Top 4 Tips to Prevent Chronic Diseases
Chronic diseases such as heart disease, cancer, and diabetes are the leading causes of death and disability in the United States. But they are largely preventable. By practicing these four healthy behaviors, you can improve your odds of staying well, feeling good, and living longer.
If you don’t smoke, don’t start. If you smoke, get the support you need to quit for good. Quitting smoking lowers your risk of heart disease, lung disease, cancer, and other smoking-related illnesses.
It’s never too late to quit smoking. More than 60% of adults who’ve ever smoked cigarettes have quit.
- Make a quit plan. Making a plan can help you manage stress, urges to smoke, and other challenges when trying to quit.
- Talk to your doctor about using quit-smoking medicine.
- Call 1-800-QUIT-NOW to be connected to your state quitline, where you can speak confidentially with a highly trained coach.
- Don’t give up. Even if you’ve tried to quit before and haven’t been able to, you can still quit for good.
Good nutrition is essential to staying healthy at any age. The benefits of healthy eating are significant. People with healthy eating patterns live longer and have less risk of obesity, heart disease, type 2 diabetes, and certain cancers.
Good nutrition during the first 2 years of life is vital for healthy growth and development. Breastfeeding is the best source of nutrition for most infants. It can reduce the risk of asthma, obesity, type 1 diabetes, ear and respiratory infections, and sudden infant death syndrome (SIDS).
Early eating experiences affect how children eat as they get older. Parents and other caregivers should introduce children to healthy foods from the very beginning. At 6 months old, children can start having foods and drinks other than breast milk and infant formula.
A healthy eating plan includes a variety of fruits, vegetables, whole grains, lean protein, and low-fat dairy products and limits added sugars, saturated fats, and sodium. Healthy eating can work for everyone’s tastes, traditions, culture, and budget.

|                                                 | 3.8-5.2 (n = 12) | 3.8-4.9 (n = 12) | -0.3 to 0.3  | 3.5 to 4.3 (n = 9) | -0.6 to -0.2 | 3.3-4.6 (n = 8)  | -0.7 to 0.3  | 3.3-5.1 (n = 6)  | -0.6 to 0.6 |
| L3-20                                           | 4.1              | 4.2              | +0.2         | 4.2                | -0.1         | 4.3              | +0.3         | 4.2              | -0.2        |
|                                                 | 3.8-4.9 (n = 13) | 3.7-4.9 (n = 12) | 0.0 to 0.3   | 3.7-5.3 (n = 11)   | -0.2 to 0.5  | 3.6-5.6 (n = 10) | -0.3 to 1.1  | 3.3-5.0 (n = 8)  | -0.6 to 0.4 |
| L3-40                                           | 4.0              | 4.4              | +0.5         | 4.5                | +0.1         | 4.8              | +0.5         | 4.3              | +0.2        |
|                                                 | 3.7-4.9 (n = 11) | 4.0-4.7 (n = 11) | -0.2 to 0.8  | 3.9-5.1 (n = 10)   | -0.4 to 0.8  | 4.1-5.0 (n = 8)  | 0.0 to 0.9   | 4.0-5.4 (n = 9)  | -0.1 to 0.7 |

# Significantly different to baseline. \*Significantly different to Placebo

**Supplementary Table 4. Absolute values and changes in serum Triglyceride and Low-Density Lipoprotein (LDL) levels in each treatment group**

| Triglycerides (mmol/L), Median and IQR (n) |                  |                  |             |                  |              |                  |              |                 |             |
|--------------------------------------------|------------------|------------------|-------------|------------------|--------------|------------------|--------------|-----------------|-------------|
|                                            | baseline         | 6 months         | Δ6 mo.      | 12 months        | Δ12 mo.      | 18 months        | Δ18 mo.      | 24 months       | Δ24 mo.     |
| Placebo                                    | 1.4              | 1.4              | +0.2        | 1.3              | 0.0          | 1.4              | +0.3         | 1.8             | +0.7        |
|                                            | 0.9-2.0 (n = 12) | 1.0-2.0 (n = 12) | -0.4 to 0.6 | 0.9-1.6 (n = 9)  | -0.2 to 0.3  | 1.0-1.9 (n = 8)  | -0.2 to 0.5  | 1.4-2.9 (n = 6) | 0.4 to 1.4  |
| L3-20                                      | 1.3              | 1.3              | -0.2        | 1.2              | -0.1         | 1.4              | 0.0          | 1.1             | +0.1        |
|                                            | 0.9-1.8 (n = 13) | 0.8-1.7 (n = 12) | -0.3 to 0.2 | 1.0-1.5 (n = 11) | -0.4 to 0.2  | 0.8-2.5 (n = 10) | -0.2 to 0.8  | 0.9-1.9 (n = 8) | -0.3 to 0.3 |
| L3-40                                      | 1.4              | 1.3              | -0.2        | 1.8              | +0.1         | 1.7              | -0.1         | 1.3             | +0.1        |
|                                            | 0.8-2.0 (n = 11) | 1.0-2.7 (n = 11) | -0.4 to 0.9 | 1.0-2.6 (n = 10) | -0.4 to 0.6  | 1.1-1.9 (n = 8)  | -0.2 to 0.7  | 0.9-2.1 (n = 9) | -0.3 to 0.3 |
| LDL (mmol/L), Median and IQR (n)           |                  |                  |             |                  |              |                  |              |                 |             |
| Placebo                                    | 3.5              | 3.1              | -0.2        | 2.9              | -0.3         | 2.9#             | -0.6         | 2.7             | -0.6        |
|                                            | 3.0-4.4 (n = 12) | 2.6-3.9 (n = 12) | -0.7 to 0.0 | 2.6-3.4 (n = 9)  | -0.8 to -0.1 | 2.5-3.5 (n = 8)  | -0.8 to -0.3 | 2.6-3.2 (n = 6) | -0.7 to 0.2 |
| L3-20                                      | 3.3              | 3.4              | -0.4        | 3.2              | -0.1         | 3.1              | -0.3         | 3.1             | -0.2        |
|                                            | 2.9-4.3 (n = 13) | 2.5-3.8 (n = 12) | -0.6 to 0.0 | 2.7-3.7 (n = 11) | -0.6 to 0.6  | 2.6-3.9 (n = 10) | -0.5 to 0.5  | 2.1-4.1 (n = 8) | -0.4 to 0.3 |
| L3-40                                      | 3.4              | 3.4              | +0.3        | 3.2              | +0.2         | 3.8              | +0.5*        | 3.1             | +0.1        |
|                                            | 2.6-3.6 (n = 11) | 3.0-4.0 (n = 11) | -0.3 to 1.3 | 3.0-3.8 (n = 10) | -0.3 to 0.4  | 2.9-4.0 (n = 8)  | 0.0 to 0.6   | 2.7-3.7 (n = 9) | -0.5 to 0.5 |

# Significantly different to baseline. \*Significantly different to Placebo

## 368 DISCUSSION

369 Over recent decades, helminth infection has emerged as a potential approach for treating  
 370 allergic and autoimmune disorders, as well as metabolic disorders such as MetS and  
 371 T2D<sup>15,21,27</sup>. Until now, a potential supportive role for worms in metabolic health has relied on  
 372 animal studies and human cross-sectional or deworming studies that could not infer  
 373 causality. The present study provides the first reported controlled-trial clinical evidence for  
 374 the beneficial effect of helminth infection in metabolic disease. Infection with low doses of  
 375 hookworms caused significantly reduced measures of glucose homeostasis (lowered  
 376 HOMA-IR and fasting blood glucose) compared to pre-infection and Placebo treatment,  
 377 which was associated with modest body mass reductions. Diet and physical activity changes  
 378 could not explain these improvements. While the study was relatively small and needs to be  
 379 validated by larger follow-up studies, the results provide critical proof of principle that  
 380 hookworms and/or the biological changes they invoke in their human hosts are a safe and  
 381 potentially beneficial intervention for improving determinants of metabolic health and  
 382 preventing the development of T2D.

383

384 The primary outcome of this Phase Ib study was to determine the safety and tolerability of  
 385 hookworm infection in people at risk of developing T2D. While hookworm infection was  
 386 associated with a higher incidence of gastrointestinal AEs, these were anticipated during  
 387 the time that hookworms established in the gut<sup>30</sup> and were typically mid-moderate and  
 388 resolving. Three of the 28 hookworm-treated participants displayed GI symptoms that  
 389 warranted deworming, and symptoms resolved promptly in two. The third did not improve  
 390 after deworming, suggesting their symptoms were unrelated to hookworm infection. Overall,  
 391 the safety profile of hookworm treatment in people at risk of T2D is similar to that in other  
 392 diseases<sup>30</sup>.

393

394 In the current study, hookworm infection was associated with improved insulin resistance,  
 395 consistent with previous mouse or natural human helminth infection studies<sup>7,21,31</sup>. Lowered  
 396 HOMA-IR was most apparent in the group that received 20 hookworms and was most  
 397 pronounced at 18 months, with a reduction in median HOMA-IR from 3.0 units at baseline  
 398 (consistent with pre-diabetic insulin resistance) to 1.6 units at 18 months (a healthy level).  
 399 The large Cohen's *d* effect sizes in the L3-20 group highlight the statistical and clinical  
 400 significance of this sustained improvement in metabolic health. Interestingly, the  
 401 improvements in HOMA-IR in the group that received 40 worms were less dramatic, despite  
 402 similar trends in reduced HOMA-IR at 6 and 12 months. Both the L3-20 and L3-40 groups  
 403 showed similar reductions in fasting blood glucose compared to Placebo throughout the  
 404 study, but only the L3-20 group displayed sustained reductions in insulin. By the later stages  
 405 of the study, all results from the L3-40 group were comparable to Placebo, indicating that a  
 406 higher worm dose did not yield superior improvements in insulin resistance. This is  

- Choose water (tap or unsweetened, bottled, or sparkling) over sugary drinks.
- Focus on whole fruits. They can be fresh, frozen, canned, or dried.
- Eat a variety of vegetables and add them to mixed dishes like casseroles, sandwiches, and wraps.
- Choose whole-grain versions of common foods, such as bread, pasta, and tortillas.
- Eat a variety of protein foods, such as beans, soy, seafood, lean meats, poultry, and unsalted nuts and seeds.
- Choose low-fat (1%) or fat-free (skim) dairy. You’ll get the same amount of calcium and other nutrients as whole milk, but with less saturated fat and calories.
Get more details at MyPlate [PDF – 48 KB]
Physical activity is one of the best ways you can improve your health now and in the future. Everyone can get the health benefits of physical activity—no matter their age, abilities, shape, or size.
Adults need two kinds of physical activity:
- Aerobic physical activity—such as brisk walking, biking, dancing, or yard work—that gets you breathing harder and your heart beating faster.
- Muscle-strengthening physical activity that works all major muscle groups, such as lifting weights, working with resistance bands, push-ups, or squats.
Physical activity is important for people of all ages. See how much you need.
If you can’t get the recommended amounts of physical activity because of chronic conditions or disabilities, you should be as physically active as you can. Some physical activity is better than none.
- Talk to your doctor first if you have a chronic condition like diabetes or heart disease.
- Get support from your friends and family. Invite them to get active with you!
- Start slowly and add time, frequency, or intensity every week.
- Schedule physical activity for times in the day or week when you’re most energetic.
- Plan ahead. Make physical activity part of your daily or weekly schedule.
- Walk instead of driving to places nearby. If you drive, park farther away from your destination and walk.
- Take the stairs instead of escalators or elevators, if you’re able, and do so as often as possible.
- Move more and sit less throughout the day.
Overcoming Barriers to Physical Activity
Making Physical Activity a Part of a Child’s Life
Making Physical Activity a Part of an Older Adult’s Life
Physical Activity and Cancer
Physical Activity for Adults With Chronic Health Conditions and Disabilities
Excessive alcohol use, over time, can lead to high blood pressure, heart disease, stroke, liver disease, and various cancers. Excessive alcohol use includes:
- Binge drinking, defined as consuming 4 or more drinks on an occasion for a woman or 5 or more drinks on an occasion for a man. See What Is a Standard Drink?
- Heavy drinking, defined as 8 or more drinks per week for a woman or 15 or more drinks per week for a man.
- Any alcohol use by pregnant women or anyone younger than 21.
To reduce the risk of alcohol-related harms, the 2020–2025 Dietary Guidelines for Americans recommends that adults of legal drinking age can choose not to drink or to drink in moderation by limiting intake to 2 drinks or less in a day for men or 1 drink or less in a day for women, on days when alcohol is consumed.
- If you don’t drink, don’t start.
- If you do drink, drink in moderation.
- If you need help to stop drinking, talk to your doctor or call 1-800-662-HELP (TTY: 1-800-487-4889). This confidential, free service provides referrals to local treatment facilities, support groups, and community organizations. You can also visit the online treatment locator.